The Montana Hope Project granted a Harlem boy a wish to go to Walt Disney World with his family Monday.
Richard L. Hader, the president of the Montana Hope Project and a Montana Highway Patrol officer, arrived at Harlem Elementary School to give Seth Ironchild the gift in front of an assembly of his peers at 1 p.m. Monday.
Ironchild, 6, is a Harlem student who was diagnosed with brain cancer in 2012.
Hader is originally from Harlem and, through Harlem connections on Facebook, found out about Ironchild's affliction.
Hader, at the assembly, announced to Ironchild and his family that the project was sending them to Disneyworld with $1,200-worth of spending money.
"I'm very grateful," said Seth's mother, Valerie Striker. "The community loves Seth so much and Hill and Blaine counties are beautiful communities. They have already done so much."
The Montana Hope Project is a nonprofit organization run by the Montana Highway Patrol. Ironchild's wish was the latest of the 362 wishes the organization has granted thus far, Hader said.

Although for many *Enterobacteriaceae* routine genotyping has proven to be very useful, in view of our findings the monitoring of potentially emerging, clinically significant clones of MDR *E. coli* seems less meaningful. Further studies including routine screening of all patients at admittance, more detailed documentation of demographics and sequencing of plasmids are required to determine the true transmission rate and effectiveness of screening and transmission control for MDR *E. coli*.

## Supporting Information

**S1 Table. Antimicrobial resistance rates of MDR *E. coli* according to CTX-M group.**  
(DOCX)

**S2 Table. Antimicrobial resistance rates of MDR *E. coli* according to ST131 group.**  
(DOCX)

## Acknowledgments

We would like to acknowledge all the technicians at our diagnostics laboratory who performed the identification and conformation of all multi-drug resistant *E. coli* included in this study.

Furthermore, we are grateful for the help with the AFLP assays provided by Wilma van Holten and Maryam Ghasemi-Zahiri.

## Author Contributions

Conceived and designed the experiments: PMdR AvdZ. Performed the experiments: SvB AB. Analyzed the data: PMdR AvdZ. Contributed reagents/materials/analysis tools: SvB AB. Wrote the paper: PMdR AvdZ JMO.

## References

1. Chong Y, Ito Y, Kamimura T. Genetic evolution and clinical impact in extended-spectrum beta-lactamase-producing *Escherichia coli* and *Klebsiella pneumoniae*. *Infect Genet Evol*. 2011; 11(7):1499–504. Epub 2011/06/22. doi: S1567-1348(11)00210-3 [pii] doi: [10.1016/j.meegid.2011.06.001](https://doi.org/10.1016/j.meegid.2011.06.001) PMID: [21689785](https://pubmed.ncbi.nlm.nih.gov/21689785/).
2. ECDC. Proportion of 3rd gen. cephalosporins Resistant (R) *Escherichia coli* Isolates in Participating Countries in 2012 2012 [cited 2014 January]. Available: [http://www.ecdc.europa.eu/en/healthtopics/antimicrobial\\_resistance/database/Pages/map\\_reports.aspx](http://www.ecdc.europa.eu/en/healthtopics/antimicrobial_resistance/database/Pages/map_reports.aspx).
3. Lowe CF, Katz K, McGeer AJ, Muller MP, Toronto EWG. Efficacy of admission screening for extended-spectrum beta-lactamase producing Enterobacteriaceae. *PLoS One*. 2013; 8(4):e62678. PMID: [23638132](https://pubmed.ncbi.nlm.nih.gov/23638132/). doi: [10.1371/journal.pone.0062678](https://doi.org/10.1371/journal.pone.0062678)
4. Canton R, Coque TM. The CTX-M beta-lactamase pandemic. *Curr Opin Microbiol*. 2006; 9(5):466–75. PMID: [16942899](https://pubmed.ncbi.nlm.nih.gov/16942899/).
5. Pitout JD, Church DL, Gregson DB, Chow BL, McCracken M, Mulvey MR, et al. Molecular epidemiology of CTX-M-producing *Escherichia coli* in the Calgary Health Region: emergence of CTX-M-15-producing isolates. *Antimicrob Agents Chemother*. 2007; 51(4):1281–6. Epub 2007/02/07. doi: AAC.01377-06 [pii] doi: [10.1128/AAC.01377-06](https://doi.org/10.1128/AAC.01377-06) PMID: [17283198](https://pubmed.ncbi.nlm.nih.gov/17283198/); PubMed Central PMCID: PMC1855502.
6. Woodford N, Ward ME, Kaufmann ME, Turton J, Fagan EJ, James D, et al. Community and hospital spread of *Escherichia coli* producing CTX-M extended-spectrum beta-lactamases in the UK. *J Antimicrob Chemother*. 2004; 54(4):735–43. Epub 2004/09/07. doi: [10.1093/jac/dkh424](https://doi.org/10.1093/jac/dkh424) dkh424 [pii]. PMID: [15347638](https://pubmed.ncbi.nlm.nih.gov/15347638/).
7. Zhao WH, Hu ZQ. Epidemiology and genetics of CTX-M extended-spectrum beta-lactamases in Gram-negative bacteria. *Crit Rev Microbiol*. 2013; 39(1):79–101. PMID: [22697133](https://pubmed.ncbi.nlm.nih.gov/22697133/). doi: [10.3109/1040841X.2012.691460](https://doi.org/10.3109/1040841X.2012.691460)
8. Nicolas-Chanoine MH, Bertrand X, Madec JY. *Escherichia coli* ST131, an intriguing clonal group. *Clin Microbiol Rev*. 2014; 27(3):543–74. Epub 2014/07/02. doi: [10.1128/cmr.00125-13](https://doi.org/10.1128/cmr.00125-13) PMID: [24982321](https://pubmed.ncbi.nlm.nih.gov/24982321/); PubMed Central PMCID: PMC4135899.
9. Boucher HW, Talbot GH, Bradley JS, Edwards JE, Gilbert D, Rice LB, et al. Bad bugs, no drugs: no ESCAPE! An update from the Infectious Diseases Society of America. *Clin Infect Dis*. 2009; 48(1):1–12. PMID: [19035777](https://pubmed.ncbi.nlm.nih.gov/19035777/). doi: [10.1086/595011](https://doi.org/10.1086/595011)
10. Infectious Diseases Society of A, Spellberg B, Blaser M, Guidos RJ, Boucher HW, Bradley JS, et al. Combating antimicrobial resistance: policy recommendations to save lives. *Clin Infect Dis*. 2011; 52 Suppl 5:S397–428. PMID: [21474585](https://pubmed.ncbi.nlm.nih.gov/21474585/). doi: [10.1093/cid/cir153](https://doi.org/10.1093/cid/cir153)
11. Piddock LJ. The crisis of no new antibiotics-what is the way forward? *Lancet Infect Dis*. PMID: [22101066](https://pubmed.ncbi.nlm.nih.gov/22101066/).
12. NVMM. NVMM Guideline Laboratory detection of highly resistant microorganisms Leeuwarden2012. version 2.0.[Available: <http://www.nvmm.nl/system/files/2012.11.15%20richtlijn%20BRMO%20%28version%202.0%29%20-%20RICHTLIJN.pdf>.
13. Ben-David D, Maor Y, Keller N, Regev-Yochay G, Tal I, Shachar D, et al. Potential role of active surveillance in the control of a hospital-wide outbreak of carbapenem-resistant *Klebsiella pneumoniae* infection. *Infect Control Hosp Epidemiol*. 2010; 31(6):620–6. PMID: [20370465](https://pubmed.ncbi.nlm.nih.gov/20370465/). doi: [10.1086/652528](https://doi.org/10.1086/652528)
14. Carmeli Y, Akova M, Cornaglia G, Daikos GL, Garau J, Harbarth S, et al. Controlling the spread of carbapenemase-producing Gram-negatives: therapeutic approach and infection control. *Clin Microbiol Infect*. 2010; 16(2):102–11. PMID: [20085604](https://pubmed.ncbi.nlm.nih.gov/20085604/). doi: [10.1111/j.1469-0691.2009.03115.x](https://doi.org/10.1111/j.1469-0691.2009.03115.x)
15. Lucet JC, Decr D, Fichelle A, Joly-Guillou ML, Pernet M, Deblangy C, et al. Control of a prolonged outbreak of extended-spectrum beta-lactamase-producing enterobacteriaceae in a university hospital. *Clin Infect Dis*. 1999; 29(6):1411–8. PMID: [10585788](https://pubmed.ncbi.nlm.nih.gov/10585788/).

"It's 100 percent volunteer-based and the average wish averages around $6,000," Hader said. "The most popular wish is to go to Disney World."
The funds to pay for these wishes are from donations, Hader added. The donations are tax-deductible and the project does not receive any tax support. The project is also not associated with any national wish-granting association, the website says.
The organization's website says that "ninety percent of all proceeds from fundraisers, corporate and private donors, and memorials go directly to wishes for Montana children."
The Montana Hope Project also hosts two reunions a year for all the families they have given to.
"We keep up with the families as long as they want to be involved," Hader said. "Forty-some families went to the last one."
The summer reunion is held at Essex, near Glacier National Park in June and the winter reunion is held at Fairmont, at the Fairmont Hot Springs Resort in December.
In addition to the trips the project gives out and the reunions, the organization also often gives away Grizzlies tickets.
"The Montana Hope Project began in 1984 when a handful of Montana Highway Patrol Officers reached out to a couple of kids with life-threatening illnesses, They dug into their own pockets, borrowed a van, and took the kids and their families on a trip to Glacier Park. The Montana Hope Project was born," the organization's website reads.